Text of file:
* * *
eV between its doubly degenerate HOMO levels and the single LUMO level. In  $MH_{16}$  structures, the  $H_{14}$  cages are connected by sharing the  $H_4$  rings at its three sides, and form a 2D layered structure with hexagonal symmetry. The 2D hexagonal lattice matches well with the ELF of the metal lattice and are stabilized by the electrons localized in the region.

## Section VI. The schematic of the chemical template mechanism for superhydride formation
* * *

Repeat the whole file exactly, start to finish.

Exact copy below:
eV between its doubly degenerate HOMO levels and the single LUMO level. In  $MH_{16}$  structures, the  $H_{14}$  cages are connected by sharing the  $H_4$  rings at its three sides, and form a 2D layered structure with hexagonal symmetry. The 2D hexagonal lattice matches well with the ELF of the metal lattice and are stabilized by the electrons localized in the region.

## Section VI. The schematic of the chemical template mechanism for superhydride formation